You can conveniently utilize a power of attorney to delegate management of your digital assets to a trustworthy agent. If you are concerned and unsure about what will happen to your digital assets if you become incapacitated, you may also offer your agent login credentials and instructions on how to handle your accounts.
Consider how much of your daily life you spend online. Your email accounts, online banking applications, and social media profiles are examples of these linkages. What about the Vimeo profile, Nextdoor account, your Audible subscription, and that six-year-old Tumblr blog? This list never seems to end.
Every day, the list of possible digital entanglements—or, to be more polite, digital assets—seems to get longer. If you become incapacitated, who will manage your digital accounts? You may have thought about what will happen to your digital legacy once you pass away. Perhaps you’ve even made preparations for the inevitable.
But what if you become ill or injured and cannot handle your digital life for weeks, months, or even years?
You may (and ideally should) create a durable power of attorney by appointing a trustworthy person—known as your agent or attorney-in-fact—to take care of crucial financial and practical duties for you to prepare for the unexpected.
Even a power of attorney does not guarantee your agent access to your digital accounts. The ability of your agent to handle your digital assets partly hinges on the State and county in which you reside. Still, it is determined mainly by the steps you take now to prepare for future incapacity.
Incapacity and State Specific Laws Regarding Digital Assets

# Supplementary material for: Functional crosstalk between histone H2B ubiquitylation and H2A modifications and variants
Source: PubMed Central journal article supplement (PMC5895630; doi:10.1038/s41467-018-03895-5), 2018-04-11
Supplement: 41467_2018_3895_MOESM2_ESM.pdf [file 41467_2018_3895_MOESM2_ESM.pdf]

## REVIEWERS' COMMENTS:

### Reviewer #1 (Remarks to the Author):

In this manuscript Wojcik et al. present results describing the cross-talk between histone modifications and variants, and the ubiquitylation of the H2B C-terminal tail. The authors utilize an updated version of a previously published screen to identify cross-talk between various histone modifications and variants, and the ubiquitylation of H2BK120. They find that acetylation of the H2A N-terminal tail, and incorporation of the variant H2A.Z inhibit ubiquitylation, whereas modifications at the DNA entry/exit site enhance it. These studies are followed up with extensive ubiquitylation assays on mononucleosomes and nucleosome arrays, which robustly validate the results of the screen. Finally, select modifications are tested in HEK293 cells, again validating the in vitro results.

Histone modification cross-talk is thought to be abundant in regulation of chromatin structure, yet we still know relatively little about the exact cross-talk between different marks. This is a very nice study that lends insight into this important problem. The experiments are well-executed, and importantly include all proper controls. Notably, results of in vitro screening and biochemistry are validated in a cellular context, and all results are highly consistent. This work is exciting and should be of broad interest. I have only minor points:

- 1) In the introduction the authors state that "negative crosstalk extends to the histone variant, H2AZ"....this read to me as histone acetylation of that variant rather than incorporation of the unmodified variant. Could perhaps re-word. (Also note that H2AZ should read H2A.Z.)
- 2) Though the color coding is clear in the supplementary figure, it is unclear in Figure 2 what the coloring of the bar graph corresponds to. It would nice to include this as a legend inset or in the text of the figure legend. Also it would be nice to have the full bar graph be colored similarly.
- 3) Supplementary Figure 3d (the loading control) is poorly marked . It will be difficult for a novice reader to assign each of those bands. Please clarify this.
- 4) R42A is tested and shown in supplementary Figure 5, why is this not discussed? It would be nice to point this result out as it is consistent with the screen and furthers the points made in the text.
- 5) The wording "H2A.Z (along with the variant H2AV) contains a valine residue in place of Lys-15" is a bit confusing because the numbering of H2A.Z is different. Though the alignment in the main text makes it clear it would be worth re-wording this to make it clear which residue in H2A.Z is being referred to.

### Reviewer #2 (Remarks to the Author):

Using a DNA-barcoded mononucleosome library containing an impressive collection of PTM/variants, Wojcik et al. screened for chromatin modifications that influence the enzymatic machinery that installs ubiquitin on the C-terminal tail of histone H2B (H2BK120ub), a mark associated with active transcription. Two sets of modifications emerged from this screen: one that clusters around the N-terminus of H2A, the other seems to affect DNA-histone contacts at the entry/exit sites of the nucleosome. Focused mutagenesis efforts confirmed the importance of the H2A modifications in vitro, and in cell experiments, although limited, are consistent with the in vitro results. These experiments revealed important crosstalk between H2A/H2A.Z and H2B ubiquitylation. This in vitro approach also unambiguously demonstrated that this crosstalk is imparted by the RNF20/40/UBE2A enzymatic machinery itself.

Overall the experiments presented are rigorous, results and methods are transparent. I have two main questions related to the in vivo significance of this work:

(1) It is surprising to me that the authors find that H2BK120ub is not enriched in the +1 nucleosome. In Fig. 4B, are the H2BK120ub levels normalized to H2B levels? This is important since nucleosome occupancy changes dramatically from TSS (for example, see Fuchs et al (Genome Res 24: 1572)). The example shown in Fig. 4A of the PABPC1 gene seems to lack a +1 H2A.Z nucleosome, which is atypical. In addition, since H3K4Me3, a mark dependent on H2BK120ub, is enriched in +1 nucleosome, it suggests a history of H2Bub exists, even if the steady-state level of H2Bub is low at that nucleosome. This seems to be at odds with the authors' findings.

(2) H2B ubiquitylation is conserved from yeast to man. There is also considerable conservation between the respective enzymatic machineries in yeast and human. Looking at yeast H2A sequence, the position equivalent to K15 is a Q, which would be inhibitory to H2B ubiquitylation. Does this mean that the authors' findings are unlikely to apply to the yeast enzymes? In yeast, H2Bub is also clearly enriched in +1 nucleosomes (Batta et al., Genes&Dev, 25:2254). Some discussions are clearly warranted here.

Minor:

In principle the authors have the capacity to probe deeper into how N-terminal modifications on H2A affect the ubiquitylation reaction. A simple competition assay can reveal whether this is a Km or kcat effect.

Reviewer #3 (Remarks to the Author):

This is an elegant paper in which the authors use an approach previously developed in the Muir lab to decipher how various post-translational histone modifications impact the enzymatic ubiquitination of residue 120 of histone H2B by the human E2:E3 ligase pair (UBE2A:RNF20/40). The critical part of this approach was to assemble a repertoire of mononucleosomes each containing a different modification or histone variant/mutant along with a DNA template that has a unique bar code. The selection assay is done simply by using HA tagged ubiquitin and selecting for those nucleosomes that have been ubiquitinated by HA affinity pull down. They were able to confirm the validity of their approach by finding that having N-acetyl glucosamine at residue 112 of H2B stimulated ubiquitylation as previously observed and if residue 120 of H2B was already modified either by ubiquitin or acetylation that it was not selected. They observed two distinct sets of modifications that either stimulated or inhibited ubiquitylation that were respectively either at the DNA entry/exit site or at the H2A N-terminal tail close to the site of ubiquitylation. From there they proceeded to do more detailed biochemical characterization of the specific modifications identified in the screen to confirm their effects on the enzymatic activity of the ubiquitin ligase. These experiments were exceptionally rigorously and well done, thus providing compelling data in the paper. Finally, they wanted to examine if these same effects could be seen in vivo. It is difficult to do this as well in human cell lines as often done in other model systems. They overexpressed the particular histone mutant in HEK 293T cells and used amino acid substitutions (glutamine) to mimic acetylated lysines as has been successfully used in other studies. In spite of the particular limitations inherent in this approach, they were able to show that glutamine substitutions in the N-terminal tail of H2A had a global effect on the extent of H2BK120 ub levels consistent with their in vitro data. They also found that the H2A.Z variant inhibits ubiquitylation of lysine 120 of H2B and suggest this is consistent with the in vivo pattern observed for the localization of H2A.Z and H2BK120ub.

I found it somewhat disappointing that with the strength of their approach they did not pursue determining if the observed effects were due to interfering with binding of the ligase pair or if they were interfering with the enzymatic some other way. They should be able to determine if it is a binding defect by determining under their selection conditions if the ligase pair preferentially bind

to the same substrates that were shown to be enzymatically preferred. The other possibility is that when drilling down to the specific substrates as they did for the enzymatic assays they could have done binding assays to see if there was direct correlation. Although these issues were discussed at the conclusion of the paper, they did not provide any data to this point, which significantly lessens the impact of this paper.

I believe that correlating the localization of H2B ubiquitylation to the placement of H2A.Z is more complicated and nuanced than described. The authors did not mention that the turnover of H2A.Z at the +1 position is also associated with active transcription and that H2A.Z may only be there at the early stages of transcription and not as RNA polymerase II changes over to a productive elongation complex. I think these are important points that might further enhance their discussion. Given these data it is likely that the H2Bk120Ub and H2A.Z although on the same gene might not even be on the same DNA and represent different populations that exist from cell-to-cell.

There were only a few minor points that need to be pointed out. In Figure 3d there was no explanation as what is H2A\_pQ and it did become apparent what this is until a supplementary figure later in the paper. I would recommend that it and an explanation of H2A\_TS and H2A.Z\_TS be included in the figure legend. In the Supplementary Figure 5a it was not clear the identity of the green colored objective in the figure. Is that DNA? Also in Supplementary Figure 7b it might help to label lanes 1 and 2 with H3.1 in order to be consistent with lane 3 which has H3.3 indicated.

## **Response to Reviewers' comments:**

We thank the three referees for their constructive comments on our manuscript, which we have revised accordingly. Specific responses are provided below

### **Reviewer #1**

Many states have recently enacted a law allowing the power of attorney agents to control digital assets. The law is known as the Revised Uniform Fiduciary Assets Act (RUFADAA). It states that if your agent has a power of attorney that expressly grants them access to your online accounts and electronic communications, they can do so.
The catch is that the RUFADAA does not apply to powers of attorney in every State. A few states, notably California and others, have decided to leave agents out of the picture, allowing legal representatives access only after your death. The National Conference of State Legislatures’ website offers an excellent resource where you can locate your State-specific law on the matter.
Regardless of whether your State’s digital assets law includes powers of attorney, there are a few steps you may take to ensure your agent can do digital asset management on your behalf.
Digital Assets and Powers of Attorney
If you want an agent or someone else you can trust to handle all or some portions of your digital assets, regardless of where you live, your best choice is to:
Give an individual or an agent you trust the power to handle your digital assets with a durable power of attorney. Provide details on how to access the accounts you will want your agent to manage—usernames, passwords, and so on—in a separate document.
The second stage is critical because, even in places where digital assets are legal, agents still have to deal with corporations who purposefully refuse to provide access and account information.
Giving your agents immediate access to your login details will make it easier for them to access your digital accounts during these years when the law is new and in flux. If you opt to provide your agent with your login information, keep it secure and tell them where to locate it if they need it. Also, remember to update your information as it changes.
You might also write your agent a message describing how you prefer to handle your digital assets. You may, for example, request that your agent reacts to specific sorts of correspondence, change the amount of your automated online payments to reflect any yearly increases in your bills, or delete your Facebook account.